Worry not, they will master this and will be sitting without assistance in no time. Late language development is regarded the most popular delay. This according to experts is because communicating is very complex, and needs understanding as well as speaking, and these abilities advance in different ways.

Understanding has to occur first, and speaking afterwards. If your little one is able to point to his mouth when you ask them to, that’s a signal that their skills are growing and they understand what you mean. So try looking at the bigger picture here, and enjoy some of the little things your child can do.

Parents tend to want to rush their children’s development and end up doing things for them or speaking for them. My cousin’s little girl was two years old and could only still say just a few words. This is because the rest of the family hardly spoke to the little girl, and if they wanted to know what she wanted, they would guess it and allow her to just shake her head in response.

Although this made communicating with her quicker, it did nothing for her speech development, until everyone allowed her to say what it was she wanted or was thinking. With my little girl, I learnt that personality plays a huge role in talking. It’s a natural strength that goes a long way in determining a lot of things, talking being one of them.

However if your child is not much of a talker, try reciting nursery rhymes and encourage them to mimic the sounds that you make. Books are also a good way to start the conversation. Pick  an interesting book and point at and name a picture, and ask your child to do the same thing. This might just do the trick. It takes time though, so patience is vital. While some children walk by their first birthday, others walk at eight months and, like my daughter, others walk at 10 months, with their peers walking at 18 months.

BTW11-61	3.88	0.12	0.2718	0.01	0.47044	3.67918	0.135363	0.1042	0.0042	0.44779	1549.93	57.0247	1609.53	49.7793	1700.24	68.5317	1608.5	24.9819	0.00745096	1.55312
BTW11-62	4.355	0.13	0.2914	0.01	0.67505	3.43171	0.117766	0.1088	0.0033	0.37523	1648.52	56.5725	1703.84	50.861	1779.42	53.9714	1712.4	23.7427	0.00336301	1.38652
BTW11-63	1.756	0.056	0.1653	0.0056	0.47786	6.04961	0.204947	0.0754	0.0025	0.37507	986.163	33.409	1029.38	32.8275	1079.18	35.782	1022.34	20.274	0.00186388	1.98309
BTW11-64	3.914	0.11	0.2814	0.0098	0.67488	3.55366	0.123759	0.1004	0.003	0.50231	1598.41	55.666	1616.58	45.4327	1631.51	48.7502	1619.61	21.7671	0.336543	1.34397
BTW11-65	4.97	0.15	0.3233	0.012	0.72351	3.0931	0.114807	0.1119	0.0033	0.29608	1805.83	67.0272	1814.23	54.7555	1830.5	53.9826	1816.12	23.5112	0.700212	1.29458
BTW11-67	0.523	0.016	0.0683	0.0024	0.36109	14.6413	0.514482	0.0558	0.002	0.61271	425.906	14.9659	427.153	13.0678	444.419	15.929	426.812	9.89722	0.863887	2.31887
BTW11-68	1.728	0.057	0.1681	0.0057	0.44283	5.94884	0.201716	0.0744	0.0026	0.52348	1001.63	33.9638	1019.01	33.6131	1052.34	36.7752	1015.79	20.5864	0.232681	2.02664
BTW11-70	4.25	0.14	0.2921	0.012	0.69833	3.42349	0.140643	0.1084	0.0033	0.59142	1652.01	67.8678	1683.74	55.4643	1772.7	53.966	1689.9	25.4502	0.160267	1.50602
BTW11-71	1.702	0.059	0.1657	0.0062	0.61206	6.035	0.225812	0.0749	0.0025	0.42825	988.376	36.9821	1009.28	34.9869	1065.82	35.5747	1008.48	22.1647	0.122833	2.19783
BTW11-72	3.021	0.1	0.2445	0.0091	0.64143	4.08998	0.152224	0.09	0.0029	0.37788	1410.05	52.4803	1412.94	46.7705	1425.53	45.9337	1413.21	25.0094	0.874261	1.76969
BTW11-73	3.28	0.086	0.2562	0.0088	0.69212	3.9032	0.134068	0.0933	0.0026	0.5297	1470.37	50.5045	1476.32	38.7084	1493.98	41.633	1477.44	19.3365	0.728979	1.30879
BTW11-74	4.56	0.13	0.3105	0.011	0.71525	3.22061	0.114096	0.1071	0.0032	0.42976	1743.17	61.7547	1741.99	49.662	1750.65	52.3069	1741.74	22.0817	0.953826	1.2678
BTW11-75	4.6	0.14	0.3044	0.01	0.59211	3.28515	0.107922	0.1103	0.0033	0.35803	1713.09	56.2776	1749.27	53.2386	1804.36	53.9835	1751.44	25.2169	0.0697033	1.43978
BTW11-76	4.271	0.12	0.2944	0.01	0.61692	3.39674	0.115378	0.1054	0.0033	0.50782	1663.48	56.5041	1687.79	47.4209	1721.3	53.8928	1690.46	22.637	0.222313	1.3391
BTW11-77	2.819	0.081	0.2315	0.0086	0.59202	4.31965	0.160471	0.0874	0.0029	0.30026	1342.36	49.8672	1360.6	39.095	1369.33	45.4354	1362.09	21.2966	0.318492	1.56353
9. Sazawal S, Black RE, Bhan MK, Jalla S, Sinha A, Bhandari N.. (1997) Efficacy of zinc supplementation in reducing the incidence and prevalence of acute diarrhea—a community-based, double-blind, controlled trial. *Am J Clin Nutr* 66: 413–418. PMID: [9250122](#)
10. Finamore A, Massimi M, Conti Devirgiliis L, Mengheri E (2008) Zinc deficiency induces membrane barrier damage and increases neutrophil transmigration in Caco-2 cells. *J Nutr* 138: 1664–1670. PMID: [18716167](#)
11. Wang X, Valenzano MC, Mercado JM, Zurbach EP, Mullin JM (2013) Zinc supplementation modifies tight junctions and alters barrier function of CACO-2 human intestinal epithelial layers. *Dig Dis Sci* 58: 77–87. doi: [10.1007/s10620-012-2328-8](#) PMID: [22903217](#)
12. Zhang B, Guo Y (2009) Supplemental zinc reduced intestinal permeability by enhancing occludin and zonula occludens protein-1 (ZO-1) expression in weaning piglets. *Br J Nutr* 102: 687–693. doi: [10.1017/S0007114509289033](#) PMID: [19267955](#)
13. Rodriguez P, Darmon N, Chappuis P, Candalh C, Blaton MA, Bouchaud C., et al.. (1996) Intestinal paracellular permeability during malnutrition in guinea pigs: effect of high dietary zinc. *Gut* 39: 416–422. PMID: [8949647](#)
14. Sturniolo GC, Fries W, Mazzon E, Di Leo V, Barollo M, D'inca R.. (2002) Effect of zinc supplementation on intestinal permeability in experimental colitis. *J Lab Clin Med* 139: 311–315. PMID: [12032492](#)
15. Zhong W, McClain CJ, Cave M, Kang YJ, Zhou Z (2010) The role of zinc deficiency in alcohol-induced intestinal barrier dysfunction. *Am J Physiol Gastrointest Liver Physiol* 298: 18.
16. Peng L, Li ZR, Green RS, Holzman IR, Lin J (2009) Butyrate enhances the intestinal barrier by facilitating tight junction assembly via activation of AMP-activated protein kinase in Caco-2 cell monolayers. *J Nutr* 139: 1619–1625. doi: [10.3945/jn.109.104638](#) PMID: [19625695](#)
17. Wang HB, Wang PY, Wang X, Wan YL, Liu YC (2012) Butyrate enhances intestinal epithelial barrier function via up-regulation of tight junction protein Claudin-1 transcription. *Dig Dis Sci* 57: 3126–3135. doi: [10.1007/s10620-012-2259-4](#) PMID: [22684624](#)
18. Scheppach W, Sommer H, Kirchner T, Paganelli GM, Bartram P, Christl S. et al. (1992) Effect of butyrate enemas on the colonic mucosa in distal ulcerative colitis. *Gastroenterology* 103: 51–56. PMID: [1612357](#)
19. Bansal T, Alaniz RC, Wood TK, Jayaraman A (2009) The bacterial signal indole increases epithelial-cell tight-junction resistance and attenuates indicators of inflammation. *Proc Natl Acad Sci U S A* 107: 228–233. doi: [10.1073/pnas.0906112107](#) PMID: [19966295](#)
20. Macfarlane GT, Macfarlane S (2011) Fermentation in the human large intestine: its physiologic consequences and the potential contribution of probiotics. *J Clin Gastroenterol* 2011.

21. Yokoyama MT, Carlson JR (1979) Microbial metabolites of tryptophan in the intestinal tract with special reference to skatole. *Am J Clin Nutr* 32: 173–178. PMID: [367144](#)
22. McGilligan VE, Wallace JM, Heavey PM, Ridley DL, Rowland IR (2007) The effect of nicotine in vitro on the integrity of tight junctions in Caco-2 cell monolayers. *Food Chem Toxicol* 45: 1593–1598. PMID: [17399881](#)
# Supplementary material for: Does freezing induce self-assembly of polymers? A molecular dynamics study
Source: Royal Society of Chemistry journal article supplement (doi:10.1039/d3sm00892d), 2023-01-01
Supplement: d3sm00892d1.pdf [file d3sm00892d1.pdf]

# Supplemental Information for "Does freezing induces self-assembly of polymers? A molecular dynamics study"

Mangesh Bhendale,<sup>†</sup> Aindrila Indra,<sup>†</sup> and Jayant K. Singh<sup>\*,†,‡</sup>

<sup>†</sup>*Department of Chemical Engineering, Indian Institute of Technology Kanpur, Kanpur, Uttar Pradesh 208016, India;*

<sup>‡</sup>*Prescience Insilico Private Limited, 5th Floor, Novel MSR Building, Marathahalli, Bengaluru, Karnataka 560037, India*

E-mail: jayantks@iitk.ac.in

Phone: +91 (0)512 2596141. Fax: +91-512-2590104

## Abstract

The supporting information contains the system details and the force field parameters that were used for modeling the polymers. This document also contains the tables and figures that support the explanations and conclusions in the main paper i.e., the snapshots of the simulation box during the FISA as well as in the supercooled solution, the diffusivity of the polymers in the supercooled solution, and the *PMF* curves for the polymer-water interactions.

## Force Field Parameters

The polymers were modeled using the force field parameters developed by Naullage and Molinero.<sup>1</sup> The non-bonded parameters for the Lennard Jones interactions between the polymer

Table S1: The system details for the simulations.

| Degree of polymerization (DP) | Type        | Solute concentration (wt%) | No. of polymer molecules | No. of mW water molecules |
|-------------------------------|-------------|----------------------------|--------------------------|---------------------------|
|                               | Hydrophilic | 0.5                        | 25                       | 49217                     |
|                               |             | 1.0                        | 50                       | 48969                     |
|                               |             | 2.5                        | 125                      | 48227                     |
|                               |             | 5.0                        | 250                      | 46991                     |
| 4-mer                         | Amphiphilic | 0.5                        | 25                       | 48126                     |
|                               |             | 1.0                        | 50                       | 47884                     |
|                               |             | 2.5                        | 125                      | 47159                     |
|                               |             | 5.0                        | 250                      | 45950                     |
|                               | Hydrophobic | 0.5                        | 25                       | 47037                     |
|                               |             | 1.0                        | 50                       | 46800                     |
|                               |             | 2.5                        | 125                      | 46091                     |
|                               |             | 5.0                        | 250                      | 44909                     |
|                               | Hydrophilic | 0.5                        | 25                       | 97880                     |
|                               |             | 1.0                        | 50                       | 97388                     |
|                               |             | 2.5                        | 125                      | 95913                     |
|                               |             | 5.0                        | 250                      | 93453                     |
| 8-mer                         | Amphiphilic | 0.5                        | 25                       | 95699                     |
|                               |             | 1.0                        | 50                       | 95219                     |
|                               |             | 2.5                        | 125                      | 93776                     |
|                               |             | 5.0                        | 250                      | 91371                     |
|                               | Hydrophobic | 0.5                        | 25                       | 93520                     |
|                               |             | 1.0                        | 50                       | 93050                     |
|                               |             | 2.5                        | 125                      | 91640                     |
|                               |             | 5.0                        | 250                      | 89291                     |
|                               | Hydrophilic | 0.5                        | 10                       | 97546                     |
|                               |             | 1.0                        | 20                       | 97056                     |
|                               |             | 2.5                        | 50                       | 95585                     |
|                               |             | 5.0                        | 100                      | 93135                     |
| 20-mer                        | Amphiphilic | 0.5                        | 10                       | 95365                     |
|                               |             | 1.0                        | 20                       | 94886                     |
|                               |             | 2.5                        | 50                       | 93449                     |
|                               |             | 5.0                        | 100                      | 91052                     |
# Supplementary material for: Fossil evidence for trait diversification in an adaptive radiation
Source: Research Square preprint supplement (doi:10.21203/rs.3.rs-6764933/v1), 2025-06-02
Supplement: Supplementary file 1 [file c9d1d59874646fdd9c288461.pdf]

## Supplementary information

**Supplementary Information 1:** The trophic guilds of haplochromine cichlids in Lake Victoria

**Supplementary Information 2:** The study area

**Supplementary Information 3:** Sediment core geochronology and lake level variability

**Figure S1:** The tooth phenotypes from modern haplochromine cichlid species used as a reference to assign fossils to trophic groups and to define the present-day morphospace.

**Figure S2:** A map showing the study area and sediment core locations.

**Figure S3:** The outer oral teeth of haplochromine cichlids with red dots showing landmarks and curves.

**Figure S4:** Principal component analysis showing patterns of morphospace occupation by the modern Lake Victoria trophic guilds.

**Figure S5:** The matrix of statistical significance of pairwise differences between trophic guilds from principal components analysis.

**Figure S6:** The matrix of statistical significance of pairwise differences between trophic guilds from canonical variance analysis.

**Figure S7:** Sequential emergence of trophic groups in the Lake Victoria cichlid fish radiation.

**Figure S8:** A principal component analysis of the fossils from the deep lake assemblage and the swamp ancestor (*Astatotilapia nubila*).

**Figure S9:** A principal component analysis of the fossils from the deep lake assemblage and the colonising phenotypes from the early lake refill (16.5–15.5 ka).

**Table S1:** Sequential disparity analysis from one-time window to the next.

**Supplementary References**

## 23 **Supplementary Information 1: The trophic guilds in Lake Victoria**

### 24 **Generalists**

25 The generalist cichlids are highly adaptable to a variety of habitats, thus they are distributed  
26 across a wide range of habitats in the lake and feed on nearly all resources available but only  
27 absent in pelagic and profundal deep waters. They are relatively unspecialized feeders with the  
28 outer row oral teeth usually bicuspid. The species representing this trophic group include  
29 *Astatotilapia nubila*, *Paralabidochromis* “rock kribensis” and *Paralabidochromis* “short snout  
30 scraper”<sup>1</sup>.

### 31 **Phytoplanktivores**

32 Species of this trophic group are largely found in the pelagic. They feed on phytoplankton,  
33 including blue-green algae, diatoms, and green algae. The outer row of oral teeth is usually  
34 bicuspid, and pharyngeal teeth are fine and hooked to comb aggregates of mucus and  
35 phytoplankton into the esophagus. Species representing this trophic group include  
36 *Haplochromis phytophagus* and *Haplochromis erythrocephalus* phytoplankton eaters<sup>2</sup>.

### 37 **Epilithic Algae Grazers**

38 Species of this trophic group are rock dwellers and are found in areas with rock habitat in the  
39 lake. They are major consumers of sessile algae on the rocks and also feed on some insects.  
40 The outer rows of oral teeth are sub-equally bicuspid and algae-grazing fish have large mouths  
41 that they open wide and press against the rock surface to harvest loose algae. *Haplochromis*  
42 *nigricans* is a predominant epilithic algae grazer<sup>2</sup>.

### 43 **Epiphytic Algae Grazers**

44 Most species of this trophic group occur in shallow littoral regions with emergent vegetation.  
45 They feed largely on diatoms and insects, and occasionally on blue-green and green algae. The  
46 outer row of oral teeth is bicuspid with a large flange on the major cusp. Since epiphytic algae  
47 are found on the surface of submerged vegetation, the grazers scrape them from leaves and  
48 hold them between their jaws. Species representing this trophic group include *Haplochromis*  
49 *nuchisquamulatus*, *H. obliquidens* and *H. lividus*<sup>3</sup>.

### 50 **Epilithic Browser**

Despite the huge differences, there are reasons why a child may walk late or early. it can be hereditary. If one of the parents walked late, there is a possibility that the child might too. Weight, I’ve been told, also plays a role. So before thinking that there might be something wrong with the child, try to look at all the other influential factors for the delayed milestone, and perhaps bring your concerns to the pediatrician to ease your anxiety.

At times babies who are big walk later because they have extra weight to support, and building up strength takes time. Children with older siblings often reach milestones faster, as watching their siblings able to move around and express themselves pushes them to try and keep up. However, this can also bring some negativity if the older sibling hardly allows them to do things on their own. Sweet as it may seem, it’s advisable to tell the older sibling to let the younger one do things themselves, or play go-between and tell the older sibling not to push the younger one too hard when it comes to doing things they are not yet fully able to do.

Try not to worry yourself too much about what your friends have to say about your child’s delayed development. Understand that kids develop at a different pace, and just try to enjoy your time with your child as he or she develops.